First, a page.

Frequently Asked Questions

What is a Pediatric Dentist?

Pediatric dentists (also known as Pedodontists) are the pediatricians of dentistry. A pediatric dentist has completed an additional 2-3 years of specialty training following dental school.

Pediatric dentists receive postdoctoral training in child psychology, behavior modification, and pharmacology. The American Board of Pediatric Dentistry (ABPD) require pediatric dentists to undergo yearly training and re-certification to stay current with the most recent developments in technology and patient care.

Why Choose a Pediatric Dentist?

By limiting the practice to treating only the oral health needs of infants and children through adolescence, including those with special health needs, Pedodontists are able to focus all their training and experience on your children’s needs.

Choosing a pediatric practice to become your kid’s dental home and to trust with the health and beauty of your child’s smile is an important decision. A unique and positive first impression at your child’s dentist can influence how they view dentistry and their mouths for the rest of their lives, so it is important to make sure your child is comfortable with the doctor and staff.

How Soon Should I Take My Child to the Pediatric Dentist?

According to the American Association of Pediatric Dentists (AAPD), it’s recommended that kids go in for their first oral health checkup when their baby teeth first begin to emerge or by the time their first birthday comes around.

Though it may seem early, this visit is essential to ensure your child doesn’t have any signs of gum or tooth decay and that their teeth are erupting and developing properly. Baby teeth can begin emerging as early as six months, so make sure their dental appointment isn’t far behind.

First dental visits are mostly educational. The AAPD recommends that every child visit the dentist by the child's first birthday. The American Dental Association and the American Academy of Pediatrics recommend a child visit the dentist by age one as well. This “well baby check” for the teeth can establish a dental home and helps ensure that parents learn the tools they'll need to help their children remain cavity-free.

How Often Should I Take My Child to the Pediatric Dentist?

A check-up every six months is recommended in order to prevent cavities and other dental problems. However, your pediatric dentist can tell you when and how often your child should visit based on their personal oral health.

Are Baby Teeth Really That Important?

Primary, or “baby,” teeth are important for many reasons. Not only do they help children speak clearly and chew naturally, they also aid in forming a path that permanent teeth can follow when they are ready to erupt.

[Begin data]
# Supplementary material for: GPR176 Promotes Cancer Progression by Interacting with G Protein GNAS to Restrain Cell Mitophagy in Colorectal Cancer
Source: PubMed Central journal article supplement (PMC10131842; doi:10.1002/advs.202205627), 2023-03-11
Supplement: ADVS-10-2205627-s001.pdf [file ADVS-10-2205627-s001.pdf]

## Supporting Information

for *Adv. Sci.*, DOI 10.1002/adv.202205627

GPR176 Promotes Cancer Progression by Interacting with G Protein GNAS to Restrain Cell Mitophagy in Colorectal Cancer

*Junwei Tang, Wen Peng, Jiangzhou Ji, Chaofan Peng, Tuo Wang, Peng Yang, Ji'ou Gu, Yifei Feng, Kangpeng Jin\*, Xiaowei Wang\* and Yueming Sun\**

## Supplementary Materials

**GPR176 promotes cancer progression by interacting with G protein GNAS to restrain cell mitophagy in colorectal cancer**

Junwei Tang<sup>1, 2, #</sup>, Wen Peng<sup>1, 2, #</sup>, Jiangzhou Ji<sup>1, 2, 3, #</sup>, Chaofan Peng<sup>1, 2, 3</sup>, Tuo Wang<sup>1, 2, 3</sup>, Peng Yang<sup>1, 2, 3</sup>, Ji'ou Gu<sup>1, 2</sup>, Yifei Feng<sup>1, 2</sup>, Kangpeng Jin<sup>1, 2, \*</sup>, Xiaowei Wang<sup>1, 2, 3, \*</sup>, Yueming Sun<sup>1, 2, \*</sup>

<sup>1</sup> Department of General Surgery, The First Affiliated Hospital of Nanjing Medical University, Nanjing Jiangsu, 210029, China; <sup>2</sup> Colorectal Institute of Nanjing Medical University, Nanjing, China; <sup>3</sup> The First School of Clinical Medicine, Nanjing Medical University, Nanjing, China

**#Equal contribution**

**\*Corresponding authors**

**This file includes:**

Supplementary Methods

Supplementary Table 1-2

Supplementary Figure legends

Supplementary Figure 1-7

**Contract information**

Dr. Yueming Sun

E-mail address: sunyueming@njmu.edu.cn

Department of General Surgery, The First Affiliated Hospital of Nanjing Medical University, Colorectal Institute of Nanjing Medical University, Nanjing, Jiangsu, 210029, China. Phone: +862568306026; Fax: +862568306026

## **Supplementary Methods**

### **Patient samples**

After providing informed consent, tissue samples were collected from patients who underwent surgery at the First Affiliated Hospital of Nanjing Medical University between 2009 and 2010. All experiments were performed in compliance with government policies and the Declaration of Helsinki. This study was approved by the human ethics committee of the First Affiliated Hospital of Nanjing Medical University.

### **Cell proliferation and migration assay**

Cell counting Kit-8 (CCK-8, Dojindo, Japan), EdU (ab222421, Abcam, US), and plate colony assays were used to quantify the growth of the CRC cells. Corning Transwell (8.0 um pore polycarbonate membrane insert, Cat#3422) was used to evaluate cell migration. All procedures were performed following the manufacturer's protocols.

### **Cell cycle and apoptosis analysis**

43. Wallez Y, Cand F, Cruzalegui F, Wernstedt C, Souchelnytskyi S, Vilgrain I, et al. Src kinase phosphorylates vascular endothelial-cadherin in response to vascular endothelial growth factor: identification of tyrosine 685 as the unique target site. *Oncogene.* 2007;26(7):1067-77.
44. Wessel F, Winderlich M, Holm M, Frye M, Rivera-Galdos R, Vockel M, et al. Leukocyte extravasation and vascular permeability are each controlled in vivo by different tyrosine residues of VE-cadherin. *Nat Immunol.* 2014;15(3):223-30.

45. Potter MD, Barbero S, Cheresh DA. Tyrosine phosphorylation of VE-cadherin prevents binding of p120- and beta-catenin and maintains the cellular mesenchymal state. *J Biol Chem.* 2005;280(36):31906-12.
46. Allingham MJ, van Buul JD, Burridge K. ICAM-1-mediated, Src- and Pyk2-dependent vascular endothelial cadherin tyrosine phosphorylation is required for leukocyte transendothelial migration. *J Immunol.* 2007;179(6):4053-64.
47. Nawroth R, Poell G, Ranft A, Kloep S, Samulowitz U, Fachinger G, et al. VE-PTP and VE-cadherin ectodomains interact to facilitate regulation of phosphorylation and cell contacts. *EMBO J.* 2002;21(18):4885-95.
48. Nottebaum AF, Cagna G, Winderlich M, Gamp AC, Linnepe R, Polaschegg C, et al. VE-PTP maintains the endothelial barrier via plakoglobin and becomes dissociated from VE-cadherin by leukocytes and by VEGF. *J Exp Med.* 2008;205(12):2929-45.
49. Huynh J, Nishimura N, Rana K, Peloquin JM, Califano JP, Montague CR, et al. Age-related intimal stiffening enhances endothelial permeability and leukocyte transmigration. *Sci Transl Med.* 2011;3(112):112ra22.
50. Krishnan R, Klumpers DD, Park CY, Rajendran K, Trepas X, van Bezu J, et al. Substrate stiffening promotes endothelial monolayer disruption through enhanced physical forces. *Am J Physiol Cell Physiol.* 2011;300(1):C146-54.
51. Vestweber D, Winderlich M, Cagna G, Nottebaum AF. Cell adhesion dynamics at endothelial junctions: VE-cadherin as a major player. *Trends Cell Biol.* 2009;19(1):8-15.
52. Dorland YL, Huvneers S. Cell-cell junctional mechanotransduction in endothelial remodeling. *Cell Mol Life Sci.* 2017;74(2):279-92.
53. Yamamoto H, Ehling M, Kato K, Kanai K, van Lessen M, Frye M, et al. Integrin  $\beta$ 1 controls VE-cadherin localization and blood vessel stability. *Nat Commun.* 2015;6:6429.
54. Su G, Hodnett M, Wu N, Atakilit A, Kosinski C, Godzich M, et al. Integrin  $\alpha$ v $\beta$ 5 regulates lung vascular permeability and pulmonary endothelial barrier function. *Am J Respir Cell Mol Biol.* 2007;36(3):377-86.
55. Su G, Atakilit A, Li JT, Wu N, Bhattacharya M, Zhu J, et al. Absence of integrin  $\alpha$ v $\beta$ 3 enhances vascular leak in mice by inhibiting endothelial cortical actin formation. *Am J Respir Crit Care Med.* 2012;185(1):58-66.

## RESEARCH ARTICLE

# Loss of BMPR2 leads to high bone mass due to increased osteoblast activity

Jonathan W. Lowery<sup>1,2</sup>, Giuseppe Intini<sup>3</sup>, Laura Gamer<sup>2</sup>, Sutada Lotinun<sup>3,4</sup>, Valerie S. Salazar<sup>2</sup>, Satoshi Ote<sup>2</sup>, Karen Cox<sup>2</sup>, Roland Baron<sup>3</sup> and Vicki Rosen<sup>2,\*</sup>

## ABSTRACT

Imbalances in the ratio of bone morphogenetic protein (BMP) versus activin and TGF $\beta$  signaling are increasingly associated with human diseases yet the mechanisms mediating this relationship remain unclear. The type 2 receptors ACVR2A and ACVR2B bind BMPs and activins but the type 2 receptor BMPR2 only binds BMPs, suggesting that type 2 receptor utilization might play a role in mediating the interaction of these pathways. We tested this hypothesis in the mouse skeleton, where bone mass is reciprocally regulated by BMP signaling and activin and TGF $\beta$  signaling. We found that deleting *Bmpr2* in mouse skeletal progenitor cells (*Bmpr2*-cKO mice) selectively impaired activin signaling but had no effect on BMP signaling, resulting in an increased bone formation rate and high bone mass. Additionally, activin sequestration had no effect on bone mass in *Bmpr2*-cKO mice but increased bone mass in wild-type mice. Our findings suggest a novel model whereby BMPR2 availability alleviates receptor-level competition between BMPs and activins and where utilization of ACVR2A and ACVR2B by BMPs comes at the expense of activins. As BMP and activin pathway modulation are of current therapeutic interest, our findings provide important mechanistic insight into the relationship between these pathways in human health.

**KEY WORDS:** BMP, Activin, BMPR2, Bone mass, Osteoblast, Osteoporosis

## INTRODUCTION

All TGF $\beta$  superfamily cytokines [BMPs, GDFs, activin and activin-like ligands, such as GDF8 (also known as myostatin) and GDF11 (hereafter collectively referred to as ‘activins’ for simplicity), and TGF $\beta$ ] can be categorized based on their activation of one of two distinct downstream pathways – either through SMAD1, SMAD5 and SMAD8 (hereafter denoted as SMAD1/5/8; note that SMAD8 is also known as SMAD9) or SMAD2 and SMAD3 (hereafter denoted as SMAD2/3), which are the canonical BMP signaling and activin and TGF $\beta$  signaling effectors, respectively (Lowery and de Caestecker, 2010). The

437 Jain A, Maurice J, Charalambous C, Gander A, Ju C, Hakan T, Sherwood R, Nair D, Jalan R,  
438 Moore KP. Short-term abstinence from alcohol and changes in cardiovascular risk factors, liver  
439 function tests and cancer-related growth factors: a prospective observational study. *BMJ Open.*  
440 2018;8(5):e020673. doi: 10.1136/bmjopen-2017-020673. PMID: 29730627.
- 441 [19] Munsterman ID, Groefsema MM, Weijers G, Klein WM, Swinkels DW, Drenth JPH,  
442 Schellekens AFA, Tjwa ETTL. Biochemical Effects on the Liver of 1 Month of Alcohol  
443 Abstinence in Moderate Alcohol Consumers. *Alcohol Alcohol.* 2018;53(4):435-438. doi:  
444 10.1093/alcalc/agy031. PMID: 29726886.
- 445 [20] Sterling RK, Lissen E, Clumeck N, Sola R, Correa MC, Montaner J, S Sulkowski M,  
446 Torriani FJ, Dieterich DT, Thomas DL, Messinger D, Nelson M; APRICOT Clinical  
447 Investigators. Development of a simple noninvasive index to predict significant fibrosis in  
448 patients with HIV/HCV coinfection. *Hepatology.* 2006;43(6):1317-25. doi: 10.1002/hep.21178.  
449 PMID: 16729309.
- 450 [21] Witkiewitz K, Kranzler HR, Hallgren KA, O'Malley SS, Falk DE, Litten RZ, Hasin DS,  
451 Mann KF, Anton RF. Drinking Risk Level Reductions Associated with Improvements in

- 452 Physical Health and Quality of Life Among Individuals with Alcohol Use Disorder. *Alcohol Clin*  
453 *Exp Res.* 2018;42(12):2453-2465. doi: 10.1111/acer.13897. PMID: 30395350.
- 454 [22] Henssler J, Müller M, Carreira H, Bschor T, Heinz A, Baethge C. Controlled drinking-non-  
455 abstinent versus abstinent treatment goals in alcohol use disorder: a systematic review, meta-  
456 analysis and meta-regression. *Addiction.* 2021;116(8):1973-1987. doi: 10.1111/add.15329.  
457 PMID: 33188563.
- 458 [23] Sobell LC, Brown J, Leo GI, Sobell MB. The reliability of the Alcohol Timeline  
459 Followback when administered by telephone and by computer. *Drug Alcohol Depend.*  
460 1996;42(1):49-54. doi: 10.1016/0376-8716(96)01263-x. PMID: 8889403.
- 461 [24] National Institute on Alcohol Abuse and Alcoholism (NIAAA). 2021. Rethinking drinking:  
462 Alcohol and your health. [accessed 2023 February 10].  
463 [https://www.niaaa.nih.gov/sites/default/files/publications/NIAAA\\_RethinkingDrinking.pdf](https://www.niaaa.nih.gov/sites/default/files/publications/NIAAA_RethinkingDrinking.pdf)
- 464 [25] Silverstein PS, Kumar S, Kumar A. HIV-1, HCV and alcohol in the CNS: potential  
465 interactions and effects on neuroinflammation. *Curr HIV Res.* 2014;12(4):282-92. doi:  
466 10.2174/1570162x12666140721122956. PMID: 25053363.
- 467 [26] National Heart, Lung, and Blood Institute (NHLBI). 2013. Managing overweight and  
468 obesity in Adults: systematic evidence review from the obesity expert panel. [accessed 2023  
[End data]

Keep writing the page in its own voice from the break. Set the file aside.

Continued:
What Happens if my Child Knocks Out a Permanent Tooth?

The most important thing to do is to remain calm. Then find the tooth. Hold it by the crown rather than the root and try to reinsert it in the socket. If that is not possible, put the tooth in a glass of milk and take your child and the glass immediately to the pediatric dentist.

If it is a life-threatening emergency, please call 911 and/or go to your nearest emergency room. 

When/How Should I Start Oral Hygiene with my Baby?

Before the teeth erupt, clean the baby’s mouth and gums with a soft cloth or infant toothbrush at bath time. This helps ready the baby for the teeth cleaning to come.

When the teeth erupt, clean the child’s teeth at least twice a day with a toothbrush, to remove plaque bacteria that can lead to decay. Any soft-bristle brush, preferably designed for small children.

What Should I Do if my Child Has a Toothache?

First, rinse the irritated area with warm salt water and place a cold compress on the face if it is swollen. Give the child acetaminophen (e.g., Children's Tylenol) for any pain. Finally, see a dentist as soon as possible.

How Can I Prevent Tooth Decay Caused by Nursing/Bottle Feeding?

Breast-feeding has been shown to be beneficial for a baby’s health and development. However, if the child prefers to be breast-fed often or for long periods once a tooth appears and other foods/beverages have been introduced into her diet, she is at risk for severe tooth decay. Clean the baby's mouth with a wet washcloth after breast-feeding, and encourage a bottle with plain water during the nighttime.

If the baby is placed to sleep with a bottle, use nothing but water. When a child is given a bottle containing sugary liquids such as milk, formula, or fruit juice, the teeth are under attack by bacterial acid for extended periods. This can cause cavities in babies called “early childhood caries,” formerly known as baby bottle tooth decay.

When Are my Child's Primary Teeth Supposed to Come In/Fall Out?

A baby’s teeth start to come in when the baby is about six months old. Baby teeth will later be lost one by one. This makes space for adult (permanent) teeth. By the time children are teenagers, they usually have all of their adult teeth.

The chart below show when each tooth usually comes in and is lost. But not all children get the same teeth at the same times. Your child’s teeth may erupt earlier or later than the ages in these charts

Diagram displaying the timeline of a child's dental development, highlighting the progression from baby teeth to adult teeth, with labeled illustrations of each type of tooth and corresponding age ranges. Used to educate patients on dental growth and development at Bite Pediatric Dentistry in Miami Lakes